Wright, Bowers make returns

Now with San Diego, 2 at center of last season's shakeup visit Blast tonight

Pro Soccer

November 21, 2003|By Sandra McKee | Sandra McKee,SUN STAFF

A year ago, Paul Wright, who was the Blast's leading scorer at the time, did an unusual thing. He put his job on the line for Kevin Healey when Healey was removed as the team's coach. And when Healey was not restored to the job, Wright risked his career by refusing to play another game for Baltimore.

"I'm coming back to the scene of the crime," said Wright, who now plays for the San Diego Sockers, who face the Blast tonight at 1st Mariner Arena. "You make sure you write that, the scene of the crime. That's the way I feel about it."

It's the way Blast owner Ed Hale feels about it, too, but from a totally different perspective.

Wright said the players were at fault for the 2002-2003 team's poor start. Seven games into what would turn out to be a championship season, the team was 2-5. Wright faulted his teammates for not playing up to their ability. He felt Healey was unjustly fired and said so. After playing in one game for interim player-coach Sean Bowers, Wright told management he wanted to be traded.

"There was no way I was going to play another minute for that organization," Wright said this week. "They had two choices. They could trade me or put me on waivers. They chose to put me on waivers. Now, I'm back home in San Diego. It worked out well for everybody. They won the championship, and I'm home where I want to be."

It was controversial at the time. What team lets its leading scorer go for nothing? But for Hale, it was an easy choice.

"A player is not going to dictate when and where he is going to play," said Hale. "I thought we had enough horsepower. ... At the end of the day, he quit and we won the championship. So who was right?"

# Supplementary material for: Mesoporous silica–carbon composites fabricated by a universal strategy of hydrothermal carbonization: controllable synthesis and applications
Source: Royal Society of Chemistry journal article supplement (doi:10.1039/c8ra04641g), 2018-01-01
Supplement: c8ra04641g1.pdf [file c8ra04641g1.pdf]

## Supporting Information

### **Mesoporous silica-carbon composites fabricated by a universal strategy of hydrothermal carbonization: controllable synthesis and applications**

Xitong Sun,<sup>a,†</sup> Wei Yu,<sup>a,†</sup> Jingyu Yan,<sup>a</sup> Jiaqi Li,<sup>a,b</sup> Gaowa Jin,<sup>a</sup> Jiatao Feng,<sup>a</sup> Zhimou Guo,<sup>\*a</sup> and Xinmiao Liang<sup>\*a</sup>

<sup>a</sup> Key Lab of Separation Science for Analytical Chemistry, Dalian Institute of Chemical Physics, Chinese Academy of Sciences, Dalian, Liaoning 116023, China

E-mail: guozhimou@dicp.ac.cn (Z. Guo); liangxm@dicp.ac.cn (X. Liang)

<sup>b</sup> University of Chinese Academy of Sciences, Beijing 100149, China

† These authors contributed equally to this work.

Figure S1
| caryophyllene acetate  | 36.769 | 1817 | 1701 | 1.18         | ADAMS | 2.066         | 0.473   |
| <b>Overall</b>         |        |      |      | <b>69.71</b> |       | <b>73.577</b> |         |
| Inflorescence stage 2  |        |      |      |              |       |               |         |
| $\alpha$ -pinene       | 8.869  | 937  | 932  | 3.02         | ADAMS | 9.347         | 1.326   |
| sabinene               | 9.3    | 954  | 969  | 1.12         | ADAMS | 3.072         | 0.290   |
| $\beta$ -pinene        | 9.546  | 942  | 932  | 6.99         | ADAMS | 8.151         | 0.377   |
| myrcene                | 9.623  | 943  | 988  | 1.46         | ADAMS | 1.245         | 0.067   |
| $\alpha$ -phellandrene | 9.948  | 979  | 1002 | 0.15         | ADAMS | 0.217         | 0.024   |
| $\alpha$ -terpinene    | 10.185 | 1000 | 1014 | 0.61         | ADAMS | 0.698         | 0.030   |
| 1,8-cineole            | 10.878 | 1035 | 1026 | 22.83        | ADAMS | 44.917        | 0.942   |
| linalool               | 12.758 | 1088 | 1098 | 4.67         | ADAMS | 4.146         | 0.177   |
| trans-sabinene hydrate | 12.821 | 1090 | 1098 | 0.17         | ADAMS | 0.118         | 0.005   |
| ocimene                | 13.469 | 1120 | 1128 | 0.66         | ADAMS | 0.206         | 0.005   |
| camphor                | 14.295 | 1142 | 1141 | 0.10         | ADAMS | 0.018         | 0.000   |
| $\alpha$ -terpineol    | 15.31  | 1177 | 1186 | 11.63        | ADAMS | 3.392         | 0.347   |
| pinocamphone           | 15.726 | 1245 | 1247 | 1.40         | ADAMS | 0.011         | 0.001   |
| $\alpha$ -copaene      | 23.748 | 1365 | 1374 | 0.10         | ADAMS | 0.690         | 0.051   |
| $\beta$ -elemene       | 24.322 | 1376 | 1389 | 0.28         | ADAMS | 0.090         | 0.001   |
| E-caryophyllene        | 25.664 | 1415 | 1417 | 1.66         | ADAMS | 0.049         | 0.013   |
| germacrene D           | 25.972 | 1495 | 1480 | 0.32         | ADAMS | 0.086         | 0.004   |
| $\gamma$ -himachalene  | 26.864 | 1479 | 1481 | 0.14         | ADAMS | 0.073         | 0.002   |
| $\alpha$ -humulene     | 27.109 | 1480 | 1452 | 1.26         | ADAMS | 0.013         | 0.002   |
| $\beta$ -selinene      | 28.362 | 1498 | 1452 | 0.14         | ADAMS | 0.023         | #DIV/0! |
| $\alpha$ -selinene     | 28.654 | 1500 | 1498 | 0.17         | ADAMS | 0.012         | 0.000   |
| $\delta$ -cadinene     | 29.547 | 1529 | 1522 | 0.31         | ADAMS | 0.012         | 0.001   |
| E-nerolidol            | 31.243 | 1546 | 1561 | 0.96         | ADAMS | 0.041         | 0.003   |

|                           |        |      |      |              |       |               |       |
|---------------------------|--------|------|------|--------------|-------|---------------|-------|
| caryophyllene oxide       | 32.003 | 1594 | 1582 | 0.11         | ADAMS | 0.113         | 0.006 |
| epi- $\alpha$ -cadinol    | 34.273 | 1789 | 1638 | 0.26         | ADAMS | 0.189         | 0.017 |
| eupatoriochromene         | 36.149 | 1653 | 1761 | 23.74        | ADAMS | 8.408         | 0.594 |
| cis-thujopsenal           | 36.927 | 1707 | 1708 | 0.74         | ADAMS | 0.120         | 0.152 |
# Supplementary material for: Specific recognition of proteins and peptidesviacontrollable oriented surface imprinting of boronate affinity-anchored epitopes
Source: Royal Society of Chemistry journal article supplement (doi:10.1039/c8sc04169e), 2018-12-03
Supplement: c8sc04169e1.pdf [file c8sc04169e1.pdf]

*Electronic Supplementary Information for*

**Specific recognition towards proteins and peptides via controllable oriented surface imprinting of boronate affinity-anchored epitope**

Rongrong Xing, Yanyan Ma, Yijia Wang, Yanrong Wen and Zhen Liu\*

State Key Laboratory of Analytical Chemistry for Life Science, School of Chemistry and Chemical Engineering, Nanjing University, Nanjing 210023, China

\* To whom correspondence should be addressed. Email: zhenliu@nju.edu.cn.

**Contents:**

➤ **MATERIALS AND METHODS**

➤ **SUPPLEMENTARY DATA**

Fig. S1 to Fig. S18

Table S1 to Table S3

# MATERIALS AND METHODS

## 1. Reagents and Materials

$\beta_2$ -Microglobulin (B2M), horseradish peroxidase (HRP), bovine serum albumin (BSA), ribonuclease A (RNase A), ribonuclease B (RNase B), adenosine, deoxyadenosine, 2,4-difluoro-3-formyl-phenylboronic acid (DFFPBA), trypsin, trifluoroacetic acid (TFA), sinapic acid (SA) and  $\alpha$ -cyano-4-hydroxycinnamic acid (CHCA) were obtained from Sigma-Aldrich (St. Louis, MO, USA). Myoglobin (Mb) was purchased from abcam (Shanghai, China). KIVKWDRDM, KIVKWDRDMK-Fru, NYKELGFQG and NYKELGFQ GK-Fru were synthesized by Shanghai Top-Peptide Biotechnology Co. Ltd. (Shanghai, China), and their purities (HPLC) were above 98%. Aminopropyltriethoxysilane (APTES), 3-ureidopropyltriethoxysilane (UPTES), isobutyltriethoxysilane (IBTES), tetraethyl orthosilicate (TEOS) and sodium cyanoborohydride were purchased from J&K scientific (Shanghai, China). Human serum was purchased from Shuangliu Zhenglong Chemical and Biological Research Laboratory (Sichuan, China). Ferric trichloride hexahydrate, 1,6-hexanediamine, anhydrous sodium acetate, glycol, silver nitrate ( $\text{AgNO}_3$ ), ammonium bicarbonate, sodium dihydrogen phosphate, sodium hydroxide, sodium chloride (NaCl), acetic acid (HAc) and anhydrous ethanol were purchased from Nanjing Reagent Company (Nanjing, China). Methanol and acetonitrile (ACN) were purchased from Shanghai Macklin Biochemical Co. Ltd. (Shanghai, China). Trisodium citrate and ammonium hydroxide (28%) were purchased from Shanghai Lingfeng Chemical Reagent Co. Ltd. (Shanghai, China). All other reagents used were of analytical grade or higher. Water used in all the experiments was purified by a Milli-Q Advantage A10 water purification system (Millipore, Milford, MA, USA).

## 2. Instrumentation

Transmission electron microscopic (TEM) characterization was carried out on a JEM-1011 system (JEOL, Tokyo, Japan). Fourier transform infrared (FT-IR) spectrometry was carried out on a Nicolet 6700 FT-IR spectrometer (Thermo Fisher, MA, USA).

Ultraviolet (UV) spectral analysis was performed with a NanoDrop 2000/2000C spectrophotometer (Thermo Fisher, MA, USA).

In the old days, soccer fans could anticipate a dust-up between the Sockers and the Blast. In those early days of the original MISL, it seemed the road to the championship almost always ran through San Diego in the West and Baltimore in the East.

The coaches fussed at each other. The players picked at one another. The fans did their part, too, booing with appropriate gusto.

"When we came back there last year, it was the night they were honoring their 1983-84 championship team," said Sockers coach Brian Quinn, who won eight championship rings as a Sockers player. "There were still several fans there that I remembered from the days when they personally used to boo me. They're still booing me, but I think they were glad to see me, too."

The rivalry has changed over the years. San Diego is just another team the Blast has to beat if it wants to be successful, but tonight's meeting might carry a new intensity.

Both sides will have points to make.

Wright and his teammate Bowers, who was a defenseman on the Blast's championship team last season and will receive his championship ring at the game, will want to win for San Diego. Midfielder Chile Farias, who was a Socker until he was traded here for Bowers last summer, will want to demonstrate that trading him might not have been the best thing for the Sockers' struggling offense.